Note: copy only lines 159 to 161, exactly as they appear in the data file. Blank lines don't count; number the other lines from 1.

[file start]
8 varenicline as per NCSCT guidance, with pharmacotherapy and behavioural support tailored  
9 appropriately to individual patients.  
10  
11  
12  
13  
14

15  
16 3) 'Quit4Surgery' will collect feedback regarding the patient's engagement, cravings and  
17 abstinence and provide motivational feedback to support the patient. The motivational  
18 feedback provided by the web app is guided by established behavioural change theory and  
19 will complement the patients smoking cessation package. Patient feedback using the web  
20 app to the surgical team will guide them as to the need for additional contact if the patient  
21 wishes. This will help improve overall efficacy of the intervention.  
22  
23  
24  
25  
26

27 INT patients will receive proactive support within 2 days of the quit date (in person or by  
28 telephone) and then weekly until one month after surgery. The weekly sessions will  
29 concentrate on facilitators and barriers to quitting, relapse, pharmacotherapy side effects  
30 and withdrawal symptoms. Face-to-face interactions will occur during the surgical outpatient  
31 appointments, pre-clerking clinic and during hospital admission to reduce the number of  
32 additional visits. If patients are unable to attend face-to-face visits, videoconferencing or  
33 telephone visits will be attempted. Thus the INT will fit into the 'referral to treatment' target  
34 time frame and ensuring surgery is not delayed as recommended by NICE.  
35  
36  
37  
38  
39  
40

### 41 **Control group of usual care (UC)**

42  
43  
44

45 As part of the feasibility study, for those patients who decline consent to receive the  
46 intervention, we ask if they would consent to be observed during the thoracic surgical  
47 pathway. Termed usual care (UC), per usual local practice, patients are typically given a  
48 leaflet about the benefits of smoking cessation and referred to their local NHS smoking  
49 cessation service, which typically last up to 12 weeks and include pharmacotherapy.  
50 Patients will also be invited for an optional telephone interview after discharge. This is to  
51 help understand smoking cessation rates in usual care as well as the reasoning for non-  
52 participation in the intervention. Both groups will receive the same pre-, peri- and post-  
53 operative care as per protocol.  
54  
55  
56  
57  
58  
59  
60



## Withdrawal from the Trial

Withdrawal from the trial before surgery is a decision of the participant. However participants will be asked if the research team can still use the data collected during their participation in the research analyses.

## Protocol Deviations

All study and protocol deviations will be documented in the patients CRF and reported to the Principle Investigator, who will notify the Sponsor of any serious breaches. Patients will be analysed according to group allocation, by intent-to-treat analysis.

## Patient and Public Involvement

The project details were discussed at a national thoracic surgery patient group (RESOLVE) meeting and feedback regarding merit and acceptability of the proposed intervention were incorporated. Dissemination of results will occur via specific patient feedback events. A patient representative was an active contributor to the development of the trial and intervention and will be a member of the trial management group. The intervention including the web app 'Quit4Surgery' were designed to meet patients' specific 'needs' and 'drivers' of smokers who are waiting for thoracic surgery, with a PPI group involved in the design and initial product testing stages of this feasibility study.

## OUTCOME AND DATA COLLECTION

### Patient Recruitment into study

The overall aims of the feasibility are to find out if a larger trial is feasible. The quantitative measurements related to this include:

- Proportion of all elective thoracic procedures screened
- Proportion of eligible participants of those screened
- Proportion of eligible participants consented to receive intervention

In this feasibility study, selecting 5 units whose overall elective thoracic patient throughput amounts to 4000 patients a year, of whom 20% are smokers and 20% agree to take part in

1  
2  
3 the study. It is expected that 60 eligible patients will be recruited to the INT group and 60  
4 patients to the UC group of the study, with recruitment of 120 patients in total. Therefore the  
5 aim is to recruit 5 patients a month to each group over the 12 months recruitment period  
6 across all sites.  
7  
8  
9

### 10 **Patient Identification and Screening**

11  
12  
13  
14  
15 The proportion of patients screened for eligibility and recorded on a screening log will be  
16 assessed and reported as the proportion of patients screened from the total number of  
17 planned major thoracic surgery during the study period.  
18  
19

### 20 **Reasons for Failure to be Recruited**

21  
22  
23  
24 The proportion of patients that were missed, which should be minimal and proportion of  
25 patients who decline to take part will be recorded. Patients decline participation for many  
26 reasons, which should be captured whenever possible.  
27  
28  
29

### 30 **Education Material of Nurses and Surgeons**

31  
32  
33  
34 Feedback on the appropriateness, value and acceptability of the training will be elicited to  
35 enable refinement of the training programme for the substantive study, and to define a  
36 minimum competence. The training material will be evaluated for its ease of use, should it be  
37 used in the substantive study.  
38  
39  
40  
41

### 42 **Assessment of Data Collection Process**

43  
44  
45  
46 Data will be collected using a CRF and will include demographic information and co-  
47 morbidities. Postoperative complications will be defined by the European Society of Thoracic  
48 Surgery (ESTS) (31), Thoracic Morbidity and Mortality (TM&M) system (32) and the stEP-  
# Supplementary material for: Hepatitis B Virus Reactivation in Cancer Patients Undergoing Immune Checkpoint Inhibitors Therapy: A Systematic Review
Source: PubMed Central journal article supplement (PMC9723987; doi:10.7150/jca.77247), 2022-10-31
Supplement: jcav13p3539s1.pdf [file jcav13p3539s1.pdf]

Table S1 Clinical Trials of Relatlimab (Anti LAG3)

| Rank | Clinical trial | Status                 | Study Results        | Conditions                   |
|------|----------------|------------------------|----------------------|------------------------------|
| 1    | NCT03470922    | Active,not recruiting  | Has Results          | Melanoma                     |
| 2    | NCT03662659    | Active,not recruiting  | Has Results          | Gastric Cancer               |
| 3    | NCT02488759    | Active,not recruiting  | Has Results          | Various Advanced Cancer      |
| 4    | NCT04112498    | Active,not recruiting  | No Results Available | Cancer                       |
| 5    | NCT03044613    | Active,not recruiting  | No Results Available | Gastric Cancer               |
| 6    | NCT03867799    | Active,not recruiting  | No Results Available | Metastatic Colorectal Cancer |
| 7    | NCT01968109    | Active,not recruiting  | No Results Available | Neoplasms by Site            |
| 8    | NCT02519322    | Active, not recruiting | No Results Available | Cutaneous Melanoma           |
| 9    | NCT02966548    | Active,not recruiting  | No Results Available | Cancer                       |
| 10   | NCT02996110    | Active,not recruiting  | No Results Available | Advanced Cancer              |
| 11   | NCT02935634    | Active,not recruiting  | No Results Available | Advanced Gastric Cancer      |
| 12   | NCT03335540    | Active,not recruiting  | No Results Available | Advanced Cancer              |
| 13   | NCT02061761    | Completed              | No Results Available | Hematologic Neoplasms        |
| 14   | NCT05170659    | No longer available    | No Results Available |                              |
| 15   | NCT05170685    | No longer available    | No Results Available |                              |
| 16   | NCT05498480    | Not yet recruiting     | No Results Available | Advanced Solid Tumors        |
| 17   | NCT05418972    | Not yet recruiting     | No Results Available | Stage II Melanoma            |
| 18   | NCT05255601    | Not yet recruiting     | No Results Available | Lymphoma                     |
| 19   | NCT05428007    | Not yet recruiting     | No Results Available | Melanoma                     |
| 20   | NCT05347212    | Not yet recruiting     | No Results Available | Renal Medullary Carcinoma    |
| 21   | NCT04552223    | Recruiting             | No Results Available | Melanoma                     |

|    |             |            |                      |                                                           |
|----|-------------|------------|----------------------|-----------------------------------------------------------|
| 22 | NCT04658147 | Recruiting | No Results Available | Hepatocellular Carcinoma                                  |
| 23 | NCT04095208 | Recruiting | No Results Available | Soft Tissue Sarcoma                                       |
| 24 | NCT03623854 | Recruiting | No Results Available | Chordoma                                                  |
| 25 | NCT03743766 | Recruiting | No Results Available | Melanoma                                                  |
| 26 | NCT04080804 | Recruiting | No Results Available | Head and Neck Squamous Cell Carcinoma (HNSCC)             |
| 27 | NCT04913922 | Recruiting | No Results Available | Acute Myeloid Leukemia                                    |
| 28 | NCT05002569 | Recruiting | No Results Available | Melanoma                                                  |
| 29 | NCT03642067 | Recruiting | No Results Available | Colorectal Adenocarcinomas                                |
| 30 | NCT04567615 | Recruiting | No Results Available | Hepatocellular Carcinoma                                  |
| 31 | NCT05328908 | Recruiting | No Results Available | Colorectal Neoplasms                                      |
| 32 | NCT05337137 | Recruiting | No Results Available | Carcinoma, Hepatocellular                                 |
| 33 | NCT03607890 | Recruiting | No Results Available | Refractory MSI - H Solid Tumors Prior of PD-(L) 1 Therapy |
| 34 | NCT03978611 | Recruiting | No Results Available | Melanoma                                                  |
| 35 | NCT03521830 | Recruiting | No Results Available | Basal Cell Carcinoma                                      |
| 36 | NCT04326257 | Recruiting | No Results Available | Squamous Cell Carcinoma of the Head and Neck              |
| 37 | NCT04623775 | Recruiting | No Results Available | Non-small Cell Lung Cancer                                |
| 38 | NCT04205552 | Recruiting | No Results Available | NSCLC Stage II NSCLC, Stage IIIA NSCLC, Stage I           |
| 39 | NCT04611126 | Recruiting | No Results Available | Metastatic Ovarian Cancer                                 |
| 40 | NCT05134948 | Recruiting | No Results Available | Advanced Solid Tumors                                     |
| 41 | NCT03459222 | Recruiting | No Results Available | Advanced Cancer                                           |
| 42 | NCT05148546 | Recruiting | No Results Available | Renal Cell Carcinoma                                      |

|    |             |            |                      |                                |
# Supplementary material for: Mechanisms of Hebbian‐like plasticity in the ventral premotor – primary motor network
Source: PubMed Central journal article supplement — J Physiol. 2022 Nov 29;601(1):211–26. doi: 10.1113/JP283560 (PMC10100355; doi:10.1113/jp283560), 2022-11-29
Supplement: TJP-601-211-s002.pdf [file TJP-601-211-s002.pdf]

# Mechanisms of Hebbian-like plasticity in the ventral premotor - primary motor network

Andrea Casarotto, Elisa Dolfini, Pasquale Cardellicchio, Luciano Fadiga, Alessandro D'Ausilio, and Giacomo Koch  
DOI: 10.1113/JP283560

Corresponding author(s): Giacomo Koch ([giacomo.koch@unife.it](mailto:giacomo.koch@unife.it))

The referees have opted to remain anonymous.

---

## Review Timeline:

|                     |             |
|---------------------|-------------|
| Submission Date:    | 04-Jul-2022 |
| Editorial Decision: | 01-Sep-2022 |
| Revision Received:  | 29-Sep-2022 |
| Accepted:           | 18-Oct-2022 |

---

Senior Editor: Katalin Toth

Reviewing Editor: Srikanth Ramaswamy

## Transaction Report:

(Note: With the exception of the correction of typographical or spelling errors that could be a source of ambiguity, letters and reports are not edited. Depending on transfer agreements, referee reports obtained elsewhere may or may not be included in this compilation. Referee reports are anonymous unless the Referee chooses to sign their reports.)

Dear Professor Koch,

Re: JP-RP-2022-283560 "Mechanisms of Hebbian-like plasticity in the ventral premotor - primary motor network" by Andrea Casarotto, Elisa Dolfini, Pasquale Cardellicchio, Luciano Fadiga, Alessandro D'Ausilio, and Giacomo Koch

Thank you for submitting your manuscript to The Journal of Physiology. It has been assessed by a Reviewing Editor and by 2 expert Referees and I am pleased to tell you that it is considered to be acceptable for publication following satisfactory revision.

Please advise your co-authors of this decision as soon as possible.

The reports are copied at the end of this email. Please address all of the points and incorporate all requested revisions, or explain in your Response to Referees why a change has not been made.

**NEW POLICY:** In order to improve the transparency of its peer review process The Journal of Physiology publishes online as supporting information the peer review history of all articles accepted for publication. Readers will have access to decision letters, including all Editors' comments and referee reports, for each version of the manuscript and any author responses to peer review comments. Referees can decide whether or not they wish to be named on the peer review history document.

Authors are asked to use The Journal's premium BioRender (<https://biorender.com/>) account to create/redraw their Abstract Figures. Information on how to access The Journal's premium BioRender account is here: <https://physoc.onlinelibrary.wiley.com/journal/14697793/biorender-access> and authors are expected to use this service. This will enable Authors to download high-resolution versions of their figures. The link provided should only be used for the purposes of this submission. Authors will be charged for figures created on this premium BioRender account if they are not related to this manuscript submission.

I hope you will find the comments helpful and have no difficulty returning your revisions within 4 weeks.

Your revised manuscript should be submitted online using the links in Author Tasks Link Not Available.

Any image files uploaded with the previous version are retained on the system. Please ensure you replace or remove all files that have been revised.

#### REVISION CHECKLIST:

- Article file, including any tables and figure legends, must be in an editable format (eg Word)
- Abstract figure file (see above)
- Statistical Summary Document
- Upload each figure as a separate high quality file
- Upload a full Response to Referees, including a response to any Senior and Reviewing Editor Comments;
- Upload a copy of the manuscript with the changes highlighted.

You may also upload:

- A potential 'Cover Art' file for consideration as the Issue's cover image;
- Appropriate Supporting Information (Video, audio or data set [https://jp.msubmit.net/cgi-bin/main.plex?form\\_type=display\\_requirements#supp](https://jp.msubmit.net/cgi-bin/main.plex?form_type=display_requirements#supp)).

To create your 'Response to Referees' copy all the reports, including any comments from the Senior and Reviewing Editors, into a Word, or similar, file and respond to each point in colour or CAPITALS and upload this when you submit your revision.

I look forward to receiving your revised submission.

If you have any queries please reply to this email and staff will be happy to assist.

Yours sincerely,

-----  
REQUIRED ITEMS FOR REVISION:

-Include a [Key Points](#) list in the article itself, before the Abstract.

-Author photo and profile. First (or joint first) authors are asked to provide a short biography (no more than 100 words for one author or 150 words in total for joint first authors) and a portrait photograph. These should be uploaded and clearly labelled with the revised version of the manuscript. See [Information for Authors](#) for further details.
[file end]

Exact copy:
| 37 | NCT04623775 | Recruiting | No Results Available | Non-small Cell Lung Cancer                                |
| 38 | NCT04205552 | Recruiting | No Results Available | NSCLC Stage II NSCLC, Stage IIIA NSCLC, Stage I           |
| 39 | NCT04611126 | Recruiting | No Results Available | Metastatic Ovarian Cancer                                 |